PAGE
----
It was 4am, it was my birthday and the scene was apocalyptic – burning logs, ripped metal, piles of bricks and trees scattered for miles up the spookily empty dual carriageway. The taxi driver nervously swerved around several blockades before we could go no further. I got out and walked for 90 minutes up the motorway to the airport.
Five hours later, I had been joined by a close friend Graham (probably the only tourist who has arrived this week in La Paz) and it was time to return to the city. With all transport blocked or on strike, we found ourselves on the only open road into town which was completely taken over by one of the largest marches from the adjoining city El Alto into La Paz.
Being bystanders didn’t seem much of an option. We were rapidly given Bolivian flags, and encouraged into the orderly queues that make up the marches here. It must rate as one of the marches with the best views in the world. As we swept down the side of the valley, we had views of the the soaring heights of peaks like Mount Illimani, a brilliant cold blue Andean sky and the whole of La Paz sprawled across the whole valley.
The march was very good humoured as it made its way down, full of chants calling for nationalisation and rude remarks about the current government officials who are seen as responsible for selling off Bolivia’s natural resources.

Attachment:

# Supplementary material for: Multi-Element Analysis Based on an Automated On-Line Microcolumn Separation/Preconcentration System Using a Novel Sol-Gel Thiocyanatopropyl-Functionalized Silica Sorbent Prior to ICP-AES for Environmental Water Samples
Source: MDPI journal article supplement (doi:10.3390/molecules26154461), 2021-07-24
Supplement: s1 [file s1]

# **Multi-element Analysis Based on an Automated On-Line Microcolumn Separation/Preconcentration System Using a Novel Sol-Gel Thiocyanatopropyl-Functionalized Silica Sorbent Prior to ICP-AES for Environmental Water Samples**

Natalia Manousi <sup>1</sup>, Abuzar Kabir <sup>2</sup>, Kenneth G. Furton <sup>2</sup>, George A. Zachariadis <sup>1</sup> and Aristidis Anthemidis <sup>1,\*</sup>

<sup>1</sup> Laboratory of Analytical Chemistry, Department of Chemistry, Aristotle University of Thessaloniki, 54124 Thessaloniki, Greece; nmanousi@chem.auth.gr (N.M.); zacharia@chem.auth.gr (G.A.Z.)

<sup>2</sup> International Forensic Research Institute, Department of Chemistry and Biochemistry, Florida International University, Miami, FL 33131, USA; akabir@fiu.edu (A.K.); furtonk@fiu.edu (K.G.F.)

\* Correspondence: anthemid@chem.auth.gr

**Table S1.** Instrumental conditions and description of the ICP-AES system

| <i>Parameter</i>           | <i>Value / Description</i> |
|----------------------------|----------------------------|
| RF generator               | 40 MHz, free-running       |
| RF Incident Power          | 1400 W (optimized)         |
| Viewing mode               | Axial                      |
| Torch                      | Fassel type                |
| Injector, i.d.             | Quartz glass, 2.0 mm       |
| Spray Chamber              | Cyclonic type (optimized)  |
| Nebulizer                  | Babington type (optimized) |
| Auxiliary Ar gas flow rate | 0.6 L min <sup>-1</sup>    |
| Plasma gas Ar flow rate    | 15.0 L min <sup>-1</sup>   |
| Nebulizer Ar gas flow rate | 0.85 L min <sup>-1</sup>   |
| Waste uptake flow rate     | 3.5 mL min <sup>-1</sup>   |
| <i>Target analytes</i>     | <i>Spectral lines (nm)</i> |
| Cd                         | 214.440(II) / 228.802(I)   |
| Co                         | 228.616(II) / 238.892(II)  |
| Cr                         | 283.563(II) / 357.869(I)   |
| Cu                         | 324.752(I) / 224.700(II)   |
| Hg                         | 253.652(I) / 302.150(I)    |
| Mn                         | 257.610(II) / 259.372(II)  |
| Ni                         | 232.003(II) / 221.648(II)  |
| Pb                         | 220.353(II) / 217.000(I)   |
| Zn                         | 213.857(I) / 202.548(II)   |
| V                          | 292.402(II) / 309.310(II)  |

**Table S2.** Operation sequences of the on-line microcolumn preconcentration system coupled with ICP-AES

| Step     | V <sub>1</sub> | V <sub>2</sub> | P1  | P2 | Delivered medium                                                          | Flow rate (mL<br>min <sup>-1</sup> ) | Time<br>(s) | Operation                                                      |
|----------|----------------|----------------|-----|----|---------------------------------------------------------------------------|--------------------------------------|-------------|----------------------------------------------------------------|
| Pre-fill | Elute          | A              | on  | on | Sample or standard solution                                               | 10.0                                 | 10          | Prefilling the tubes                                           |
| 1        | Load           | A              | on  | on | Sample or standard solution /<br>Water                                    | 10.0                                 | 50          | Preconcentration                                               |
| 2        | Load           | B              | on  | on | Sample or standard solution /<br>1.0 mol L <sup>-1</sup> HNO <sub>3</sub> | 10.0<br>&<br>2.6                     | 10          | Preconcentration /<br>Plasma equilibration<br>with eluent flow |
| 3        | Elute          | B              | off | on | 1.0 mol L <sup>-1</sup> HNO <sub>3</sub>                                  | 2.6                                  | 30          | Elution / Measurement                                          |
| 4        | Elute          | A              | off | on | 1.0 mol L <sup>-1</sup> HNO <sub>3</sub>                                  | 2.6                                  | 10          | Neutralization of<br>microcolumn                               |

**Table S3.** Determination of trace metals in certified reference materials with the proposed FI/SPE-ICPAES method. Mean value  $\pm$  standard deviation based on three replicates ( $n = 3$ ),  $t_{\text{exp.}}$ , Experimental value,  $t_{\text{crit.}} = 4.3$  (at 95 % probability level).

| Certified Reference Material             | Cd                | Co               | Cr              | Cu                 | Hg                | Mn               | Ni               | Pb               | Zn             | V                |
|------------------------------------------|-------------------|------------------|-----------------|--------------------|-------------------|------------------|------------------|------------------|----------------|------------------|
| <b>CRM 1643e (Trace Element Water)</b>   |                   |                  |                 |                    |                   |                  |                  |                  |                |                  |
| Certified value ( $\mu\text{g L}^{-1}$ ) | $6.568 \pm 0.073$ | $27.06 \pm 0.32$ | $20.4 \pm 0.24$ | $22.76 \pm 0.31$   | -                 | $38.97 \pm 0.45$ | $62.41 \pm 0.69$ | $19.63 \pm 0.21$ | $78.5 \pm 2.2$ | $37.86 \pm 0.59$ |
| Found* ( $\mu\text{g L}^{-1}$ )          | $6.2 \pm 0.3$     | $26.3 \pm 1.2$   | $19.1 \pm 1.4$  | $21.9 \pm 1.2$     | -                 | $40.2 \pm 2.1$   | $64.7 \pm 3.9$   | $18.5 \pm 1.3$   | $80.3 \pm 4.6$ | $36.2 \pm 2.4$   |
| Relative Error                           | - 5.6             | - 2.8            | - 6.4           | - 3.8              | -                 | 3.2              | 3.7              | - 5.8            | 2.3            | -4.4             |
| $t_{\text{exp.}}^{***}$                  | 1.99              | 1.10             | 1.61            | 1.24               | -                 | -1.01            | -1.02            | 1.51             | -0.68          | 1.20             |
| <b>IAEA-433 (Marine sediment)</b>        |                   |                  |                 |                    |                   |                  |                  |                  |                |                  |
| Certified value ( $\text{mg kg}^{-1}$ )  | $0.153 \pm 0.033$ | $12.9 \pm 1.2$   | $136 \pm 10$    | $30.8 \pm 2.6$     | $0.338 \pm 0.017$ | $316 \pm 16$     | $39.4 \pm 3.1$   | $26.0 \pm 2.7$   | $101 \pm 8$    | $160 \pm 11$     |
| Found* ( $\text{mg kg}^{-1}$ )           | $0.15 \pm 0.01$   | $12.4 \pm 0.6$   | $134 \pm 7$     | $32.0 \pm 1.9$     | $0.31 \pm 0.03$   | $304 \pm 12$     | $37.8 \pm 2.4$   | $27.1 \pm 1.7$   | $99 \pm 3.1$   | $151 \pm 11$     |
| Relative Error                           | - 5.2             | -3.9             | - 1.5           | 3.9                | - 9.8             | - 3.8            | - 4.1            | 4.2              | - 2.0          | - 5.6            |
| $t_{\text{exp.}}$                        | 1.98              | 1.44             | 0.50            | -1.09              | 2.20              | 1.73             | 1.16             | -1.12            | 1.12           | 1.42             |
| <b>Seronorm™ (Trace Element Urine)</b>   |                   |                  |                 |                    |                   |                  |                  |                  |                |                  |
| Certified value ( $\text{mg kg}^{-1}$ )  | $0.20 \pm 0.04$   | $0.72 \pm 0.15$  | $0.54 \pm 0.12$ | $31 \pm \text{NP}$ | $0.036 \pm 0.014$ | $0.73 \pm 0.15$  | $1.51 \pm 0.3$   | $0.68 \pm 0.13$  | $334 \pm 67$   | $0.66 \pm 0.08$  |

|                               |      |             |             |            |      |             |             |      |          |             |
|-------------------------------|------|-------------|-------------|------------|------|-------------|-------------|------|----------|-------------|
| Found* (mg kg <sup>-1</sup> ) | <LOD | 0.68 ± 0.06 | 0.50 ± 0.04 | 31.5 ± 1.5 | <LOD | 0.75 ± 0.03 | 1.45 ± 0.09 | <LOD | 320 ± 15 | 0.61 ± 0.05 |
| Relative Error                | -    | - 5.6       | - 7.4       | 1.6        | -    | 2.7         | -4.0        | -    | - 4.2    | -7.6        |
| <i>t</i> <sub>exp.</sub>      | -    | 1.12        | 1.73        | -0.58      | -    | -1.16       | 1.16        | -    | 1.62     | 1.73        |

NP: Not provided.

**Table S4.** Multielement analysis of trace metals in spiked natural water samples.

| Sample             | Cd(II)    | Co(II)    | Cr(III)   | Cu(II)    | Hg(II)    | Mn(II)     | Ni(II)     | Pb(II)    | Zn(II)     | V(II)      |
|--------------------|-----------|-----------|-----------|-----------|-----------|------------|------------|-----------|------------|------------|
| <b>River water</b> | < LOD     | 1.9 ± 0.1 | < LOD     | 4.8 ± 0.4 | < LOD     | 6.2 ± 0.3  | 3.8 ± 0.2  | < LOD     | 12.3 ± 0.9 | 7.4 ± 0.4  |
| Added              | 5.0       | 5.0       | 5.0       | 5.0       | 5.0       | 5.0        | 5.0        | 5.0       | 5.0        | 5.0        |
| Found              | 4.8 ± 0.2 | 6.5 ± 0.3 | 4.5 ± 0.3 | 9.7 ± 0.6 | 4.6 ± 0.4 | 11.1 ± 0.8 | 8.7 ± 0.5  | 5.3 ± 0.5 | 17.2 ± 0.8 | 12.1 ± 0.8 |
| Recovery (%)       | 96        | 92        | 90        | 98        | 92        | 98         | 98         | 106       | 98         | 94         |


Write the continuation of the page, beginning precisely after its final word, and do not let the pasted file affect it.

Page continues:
Being probably the only gringos on the march, we attracted a great deal of attention (laughs, thumbs up, jokes) despite trying to hide behind our flags.
Once we reached the centre of town, the march joined up with hundreds of other marches approaching the city from every direction. Estimates later said that up to 500,000 people had been on the streets. The now distinctive boom of miners letting off dynamite would occasionally echo through the built-up streets.
We decided to sneak off for lunch, and soon found ourselves in another world. A french bistrot cafe in a posh part of town. As we toasted my birthday, it felt that we could be any other European city. Outside demonstrations were intensifying, leading to an immense political crisis, Bolivia was being rent apart with divisions, but we felt cushioned.
The first few hours of my birthday has reflected the week – an extraordinary mix of tension, curiosity, fear, festivity and apparent normality.